Books and Brontosaurs

View Images
Part of the poster cover for my forthcoming book, My Beloved Brontosaurus. The gorgeous art is by Mark Stutzman.

I haven’t shared much book news lately, but today’s the perfect day to catch up. That’s because The Best Science Writing Online – formerly known as The Open Laboratory – has just been published by Scientific American/FSG books! I’m proud to see my essay “The Dodo is Dead, Long Live the Dodo!” printed alongside fifty other fantastic contributions from my science blogging neighbors, some of which I helped review as a judge for this edition. (Note: I didn’t vote or otherwise judge my own entries during the selection process.) This anthology includes some of the best online essays and articles from 2011, and I am already looking forward to next year’s collection. Speaking of which, there’s still two weeks left to submit entries to The Best Science Writing Online 2013! For more on the new anthology, see Jennifer Ouellette’s post at Scientific Americanat Scientific American (she did a great job as this year’s editor) and Deborah Blum’s at the Knight Science Journalism Tracker.

But that’s not all. A few weeks back, I sent in the final draft of My Beloved Brontosaurus (also published by Scientific American/FSG). There are still some final checks to do, but the book is almost done and will hit shelves in mid-April of 2013. Even better, my excellent editor Amanda Moon recently sent me the completed cover art (check out the snippet above). Artist Mark Stutzman did a marvelous job bringing Apatosaurus and its 150 million year old habitat to life, and actually pulled double duty on a special edition cover that will give readers an in-depth look at this cherished sauropod. If you’re so inclined, the book is already available for pre-order in the United States.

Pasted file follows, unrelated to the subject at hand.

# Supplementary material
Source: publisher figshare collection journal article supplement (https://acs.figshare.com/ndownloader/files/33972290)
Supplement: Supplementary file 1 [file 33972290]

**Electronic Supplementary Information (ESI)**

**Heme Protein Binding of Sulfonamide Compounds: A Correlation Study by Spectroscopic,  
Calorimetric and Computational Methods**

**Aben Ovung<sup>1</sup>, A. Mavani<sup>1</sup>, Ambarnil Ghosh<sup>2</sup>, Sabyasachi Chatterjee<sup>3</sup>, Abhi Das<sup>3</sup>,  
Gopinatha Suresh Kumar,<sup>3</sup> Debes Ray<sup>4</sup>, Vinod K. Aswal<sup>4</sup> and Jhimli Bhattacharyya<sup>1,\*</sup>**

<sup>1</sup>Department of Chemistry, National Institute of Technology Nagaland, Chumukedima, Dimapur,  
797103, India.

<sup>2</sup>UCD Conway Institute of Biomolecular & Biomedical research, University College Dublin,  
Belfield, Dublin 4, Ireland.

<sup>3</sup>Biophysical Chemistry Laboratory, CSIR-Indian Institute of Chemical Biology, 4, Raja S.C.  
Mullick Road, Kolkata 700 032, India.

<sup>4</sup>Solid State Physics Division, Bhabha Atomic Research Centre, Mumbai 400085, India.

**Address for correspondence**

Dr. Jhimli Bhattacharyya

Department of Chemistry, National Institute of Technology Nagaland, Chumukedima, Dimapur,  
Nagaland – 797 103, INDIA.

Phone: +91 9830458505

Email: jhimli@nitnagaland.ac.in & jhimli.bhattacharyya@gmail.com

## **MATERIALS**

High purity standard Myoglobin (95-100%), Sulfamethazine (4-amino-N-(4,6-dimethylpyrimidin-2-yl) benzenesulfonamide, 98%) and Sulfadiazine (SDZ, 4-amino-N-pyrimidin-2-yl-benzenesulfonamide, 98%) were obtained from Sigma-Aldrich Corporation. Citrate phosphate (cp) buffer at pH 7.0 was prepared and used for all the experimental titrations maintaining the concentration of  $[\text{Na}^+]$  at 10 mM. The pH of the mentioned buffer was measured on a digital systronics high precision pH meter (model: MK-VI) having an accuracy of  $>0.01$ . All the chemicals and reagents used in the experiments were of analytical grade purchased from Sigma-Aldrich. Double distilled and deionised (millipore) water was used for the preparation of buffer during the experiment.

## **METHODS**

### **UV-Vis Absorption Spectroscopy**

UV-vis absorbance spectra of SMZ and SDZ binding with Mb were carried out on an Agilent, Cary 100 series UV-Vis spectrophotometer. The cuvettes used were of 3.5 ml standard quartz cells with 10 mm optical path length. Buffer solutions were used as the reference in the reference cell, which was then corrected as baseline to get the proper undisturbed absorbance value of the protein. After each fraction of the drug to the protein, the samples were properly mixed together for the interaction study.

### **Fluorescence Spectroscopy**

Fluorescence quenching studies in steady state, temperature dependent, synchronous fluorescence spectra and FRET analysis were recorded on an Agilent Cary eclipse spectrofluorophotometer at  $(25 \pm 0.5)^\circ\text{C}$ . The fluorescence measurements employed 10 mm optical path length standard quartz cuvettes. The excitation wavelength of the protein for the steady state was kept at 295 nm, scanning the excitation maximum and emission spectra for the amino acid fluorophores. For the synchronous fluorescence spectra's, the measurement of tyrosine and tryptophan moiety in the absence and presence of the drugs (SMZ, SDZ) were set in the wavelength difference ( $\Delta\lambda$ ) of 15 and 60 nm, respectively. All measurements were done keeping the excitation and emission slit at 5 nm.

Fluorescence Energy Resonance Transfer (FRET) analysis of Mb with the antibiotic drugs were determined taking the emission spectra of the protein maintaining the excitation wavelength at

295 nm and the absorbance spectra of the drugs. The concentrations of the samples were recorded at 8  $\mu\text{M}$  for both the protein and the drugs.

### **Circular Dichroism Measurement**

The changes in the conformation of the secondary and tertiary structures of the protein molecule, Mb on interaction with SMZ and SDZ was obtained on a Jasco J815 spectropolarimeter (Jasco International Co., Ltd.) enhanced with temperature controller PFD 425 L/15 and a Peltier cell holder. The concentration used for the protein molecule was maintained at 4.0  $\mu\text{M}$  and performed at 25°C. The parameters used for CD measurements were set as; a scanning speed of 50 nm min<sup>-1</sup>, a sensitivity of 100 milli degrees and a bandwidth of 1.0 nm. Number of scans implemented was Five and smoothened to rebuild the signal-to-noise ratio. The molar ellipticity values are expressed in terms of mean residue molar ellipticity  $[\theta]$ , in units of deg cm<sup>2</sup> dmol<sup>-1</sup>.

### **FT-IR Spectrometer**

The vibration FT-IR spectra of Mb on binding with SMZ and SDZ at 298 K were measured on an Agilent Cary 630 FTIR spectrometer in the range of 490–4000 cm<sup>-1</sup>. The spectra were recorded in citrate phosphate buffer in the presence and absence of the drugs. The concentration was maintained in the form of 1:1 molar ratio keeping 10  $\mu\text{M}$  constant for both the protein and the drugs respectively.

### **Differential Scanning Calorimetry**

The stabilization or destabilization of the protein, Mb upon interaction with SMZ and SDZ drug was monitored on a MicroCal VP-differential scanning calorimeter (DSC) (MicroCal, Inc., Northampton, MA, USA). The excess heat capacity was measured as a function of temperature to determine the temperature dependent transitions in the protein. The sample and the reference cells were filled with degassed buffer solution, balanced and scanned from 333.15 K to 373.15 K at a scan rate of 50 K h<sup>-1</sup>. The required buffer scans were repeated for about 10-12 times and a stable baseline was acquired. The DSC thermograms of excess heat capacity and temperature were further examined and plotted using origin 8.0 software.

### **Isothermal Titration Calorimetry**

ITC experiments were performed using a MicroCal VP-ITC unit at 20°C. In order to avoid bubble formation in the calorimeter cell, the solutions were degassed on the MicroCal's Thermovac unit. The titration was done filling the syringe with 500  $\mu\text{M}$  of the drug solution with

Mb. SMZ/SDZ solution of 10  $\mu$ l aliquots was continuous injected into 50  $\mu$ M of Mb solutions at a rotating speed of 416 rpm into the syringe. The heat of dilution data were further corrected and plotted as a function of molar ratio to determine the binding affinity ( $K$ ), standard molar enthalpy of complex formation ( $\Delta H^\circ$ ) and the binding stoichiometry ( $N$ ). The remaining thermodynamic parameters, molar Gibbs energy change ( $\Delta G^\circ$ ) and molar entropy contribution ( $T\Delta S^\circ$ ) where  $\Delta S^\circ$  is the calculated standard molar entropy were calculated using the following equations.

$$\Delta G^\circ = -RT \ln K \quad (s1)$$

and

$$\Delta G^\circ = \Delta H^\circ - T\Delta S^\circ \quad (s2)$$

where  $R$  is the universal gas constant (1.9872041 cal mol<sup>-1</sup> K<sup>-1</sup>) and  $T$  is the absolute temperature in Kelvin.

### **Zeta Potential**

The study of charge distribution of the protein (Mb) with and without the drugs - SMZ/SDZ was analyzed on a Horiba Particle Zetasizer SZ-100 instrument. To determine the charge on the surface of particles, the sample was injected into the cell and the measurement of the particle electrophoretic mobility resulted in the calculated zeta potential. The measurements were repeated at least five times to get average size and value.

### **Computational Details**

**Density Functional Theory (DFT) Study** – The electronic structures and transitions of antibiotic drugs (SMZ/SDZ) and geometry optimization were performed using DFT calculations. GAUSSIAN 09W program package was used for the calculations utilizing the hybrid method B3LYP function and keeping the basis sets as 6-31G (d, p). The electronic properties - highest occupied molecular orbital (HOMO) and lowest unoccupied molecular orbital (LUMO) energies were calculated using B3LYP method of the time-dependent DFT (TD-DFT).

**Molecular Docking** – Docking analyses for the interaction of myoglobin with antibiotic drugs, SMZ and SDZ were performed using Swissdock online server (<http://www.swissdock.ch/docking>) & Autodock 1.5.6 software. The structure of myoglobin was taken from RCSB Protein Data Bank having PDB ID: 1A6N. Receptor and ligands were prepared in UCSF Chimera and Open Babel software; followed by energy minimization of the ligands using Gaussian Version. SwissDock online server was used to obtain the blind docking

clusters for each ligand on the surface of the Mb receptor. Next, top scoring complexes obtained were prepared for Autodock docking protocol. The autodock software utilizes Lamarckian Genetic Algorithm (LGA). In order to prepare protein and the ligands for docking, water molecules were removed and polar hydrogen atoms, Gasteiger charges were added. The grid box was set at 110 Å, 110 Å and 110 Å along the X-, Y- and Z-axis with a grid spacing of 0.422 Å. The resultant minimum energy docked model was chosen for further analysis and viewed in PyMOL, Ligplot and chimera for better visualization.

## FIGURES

If you really can’t wait for April, though, you should check out The Half-Life of Facts by my WIRED Science neighbor Sam Arbesman. I have a cameo in the book regarding the legacy of “Brontosaurus“, and, more importantly, the book is an insightful exploration of how the public relates to the ever-shifting body of scientific knowledge. If you were upset by Pluto’s demotion to a dwarf planet, or still prefer the name “Brontosaurus” to Apatosaurus, Arbesman’s book will be well worth your time.